WASHINGTON - The [lack of black] visitors issue is a pressing one for the National Park Service, which is expanding its efforts to diversify both its guests and its work force as the agency prepares to celebrate its centennial in 2016.
Studies and surveys show that visitors to the nation’s 393 national parks — there were 285.5 million of them in 2009 — are overwhelmingly non-Hispanic whites, with blacks the least likely group to visit. That reality has not changed since the 1960s, when it was first identified as an issue. The Park Service now says the problem is linked to the parks’ very survival.
“If the American public doesn’t know that we exist or doesn’t care, our mission is potentially in jeopardy,” said Jonathan B. Jarvis, who took over as director of the Park Service last year. “There’s a disconnect that needs addressing.”
The Park Service does not log attendance numbers at individual parks by race or ethnicity. But in a comprehensive survey it commissioned in 2000, only 13 percent of black respondents reported visiting a national park in the previous two years. That compared with 27 percent for Latinos, 29 percent for Asians and 36 percent for whites.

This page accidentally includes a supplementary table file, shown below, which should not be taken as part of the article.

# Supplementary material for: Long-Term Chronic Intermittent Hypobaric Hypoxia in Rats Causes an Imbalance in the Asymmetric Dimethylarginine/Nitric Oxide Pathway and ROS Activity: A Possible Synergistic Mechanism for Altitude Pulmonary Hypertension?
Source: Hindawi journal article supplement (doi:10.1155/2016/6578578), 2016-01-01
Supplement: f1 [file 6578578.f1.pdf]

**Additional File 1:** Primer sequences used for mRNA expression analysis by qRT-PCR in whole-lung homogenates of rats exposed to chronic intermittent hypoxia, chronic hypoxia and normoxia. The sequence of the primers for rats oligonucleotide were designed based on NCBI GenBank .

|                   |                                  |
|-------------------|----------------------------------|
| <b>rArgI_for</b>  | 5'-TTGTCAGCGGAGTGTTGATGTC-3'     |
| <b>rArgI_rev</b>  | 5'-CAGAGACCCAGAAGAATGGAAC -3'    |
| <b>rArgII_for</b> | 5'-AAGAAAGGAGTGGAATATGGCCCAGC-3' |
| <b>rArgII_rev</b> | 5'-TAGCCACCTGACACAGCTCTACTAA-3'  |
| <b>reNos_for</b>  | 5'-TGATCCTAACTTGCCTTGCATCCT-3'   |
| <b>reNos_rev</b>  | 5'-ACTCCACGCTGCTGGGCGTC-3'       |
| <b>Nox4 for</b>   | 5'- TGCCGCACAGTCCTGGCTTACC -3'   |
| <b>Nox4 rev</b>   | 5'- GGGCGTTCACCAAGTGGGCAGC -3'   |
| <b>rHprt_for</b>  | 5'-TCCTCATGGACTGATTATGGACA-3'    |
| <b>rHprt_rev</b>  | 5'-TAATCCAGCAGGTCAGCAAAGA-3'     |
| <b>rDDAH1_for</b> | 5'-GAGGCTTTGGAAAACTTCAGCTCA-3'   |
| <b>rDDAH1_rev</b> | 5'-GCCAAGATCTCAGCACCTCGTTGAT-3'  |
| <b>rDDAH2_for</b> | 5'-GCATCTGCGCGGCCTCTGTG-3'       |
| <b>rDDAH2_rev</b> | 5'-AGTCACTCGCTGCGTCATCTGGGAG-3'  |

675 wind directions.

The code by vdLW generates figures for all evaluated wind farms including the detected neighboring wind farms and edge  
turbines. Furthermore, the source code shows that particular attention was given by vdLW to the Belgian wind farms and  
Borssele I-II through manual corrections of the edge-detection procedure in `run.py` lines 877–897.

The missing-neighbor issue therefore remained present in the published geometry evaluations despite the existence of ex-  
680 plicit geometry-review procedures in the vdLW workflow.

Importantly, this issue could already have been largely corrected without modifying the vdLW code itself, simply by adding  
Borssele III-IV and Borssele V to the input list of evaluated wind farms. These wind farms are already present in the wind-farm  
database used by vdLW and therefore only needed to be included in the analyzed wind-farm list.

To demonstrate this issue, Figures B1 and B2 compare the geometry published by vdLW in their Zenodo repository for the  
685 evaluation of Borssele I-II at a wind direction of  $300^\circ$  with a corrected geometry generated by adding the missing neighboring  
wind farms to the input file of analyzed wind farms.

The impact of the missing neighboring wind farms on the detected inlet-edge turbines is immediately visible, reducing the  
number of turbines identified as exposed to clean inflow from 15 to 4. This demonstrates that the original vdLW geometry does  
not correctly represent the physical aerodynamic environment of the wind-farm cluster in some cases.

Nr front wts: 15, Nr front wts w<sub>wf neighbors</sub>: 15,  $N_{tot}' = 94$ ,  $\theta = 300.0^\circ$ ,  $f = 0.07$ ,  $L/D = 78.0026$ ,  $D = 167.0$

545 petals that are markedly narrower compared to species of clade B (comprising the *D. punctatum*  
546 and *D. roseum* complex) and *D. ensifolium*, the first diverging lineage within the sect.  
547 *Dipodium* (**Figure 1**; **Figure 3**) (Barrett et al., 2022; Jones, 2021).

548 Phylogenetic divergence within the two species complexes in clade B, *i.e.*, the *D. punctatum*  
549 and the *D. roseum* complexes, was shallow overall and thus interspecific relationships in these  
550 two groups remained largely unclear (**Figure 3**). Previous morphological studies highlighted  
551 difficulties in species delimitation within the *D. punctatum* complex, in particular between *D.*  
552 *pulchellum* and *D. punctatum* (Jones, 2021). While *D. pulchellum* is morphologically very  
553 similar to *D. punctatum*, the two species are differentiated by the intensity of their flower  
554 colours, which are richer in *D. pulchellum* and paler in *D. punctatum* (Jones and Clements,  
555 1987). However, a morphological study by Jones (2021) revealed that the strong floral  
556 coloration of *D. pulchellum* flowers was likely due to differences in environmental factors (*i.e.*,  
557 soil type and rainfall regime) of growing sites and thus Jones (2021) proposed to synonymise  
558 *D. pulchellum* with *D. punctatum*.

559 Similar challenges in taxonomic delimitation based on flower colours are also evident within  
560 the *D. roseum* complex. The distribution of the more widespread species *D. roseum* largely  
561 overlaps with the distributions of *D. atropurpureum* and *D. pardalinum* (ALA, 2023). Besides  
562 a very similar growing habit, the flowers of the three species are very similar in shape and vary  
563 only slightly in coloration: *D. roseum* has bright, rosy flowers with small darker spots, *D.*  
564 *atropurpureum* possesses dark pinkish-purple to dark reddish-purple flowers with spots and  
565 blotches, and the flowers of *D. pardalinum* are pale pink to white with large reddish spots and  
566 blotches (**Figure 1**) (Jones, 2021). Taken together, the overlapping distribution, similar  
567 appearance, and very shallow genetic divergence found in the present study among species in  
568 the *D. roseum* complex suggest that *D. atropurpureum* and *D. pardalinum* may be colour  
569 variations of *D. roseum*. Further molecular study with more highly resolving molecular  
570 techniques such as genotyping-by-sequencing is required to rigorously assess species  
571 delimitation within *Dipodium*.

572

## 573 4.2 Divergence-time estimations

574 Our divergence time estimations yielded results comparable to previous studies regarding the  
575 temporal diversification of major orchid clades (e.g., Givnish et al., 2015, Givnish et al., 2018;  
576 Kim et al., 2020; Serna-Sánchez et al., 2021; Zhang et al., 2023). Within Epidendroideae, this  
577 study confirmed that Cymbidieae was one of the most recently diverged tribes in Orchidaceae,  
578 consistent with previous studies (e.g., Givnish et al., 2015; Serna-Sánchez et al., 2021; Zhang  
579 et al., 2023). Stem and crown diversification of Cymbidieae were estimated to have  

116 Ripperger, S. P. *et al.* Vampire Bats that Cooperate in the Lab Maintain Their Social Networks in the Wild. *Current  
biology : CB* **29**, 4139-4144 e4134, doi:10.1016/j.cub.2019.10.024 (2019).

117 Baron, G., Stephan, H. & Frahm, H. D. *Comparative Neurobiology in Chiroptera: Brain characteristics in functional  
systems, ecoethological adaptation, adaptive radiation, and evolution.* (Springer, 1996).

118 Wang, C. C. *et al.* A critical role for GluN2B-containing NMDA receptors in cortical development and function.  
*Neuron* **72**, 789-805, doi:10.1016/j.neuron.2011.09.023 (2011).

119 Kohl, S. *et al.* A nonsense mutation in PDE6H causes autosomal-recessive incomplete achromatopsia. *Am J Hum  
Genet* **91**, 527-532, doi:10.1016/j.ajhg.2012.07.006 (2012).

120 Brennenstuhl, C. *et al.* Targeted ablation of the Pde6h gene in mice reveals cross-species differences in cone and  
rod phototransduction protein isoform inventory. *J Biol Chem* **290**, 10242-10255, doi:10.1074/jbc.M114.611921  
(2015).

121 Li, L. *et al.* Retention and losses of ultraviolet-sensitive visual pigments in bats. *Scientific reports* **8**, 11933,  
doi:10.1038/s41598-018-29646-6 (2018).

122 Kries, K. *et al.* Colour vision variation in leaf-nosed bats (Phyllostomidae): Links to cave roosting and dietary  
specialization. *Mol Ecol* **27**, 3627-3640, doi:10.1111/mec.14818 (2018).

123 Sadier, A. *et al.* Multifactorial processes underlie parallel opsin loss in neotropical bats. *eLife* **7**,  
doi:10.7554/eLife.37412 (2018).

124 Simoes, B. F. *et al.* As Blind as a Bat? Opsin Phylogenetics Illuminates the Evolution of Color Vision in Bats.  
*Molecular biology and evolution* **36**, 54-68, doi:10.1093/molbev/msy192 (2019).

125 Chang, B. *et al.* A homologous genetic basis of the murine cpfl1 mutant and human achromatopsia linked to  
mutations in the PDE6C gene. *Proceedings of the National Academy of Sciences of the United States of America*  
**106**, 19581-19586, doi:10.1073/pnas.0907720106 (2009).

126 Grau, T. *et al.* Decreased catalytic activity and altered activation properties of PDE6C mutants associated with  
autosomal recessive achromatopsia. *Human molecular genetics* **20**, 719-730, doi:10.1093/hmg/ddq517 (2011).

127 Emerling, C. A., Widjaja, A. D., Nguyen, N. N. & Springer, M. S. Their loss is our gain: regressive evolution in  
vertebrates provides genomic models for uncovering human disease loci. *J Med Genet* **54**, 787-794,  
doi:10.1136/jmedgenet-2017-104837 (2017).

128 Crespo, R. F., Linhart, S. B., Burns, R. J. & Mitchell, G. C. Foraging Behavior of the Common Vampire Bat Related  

Jim Gramann, a visiting social scientist with the Park Service who is overseeing a review of a follow-up survey in 2008 and 2009 that is to be released early next year, said the gap persisted.
“The demographic face of America is not reflected in national park visitation, with a few exceptions,” Mr. Gramann said. In the large Western parks especially, he added, visitors are overwhelmingly non-Hispanic white, highly educated and affluent.
Park Service officials have identified factors like cost, travel distance and lack of information — for example, ignorance about what activities the parks offer — as barriers to visits.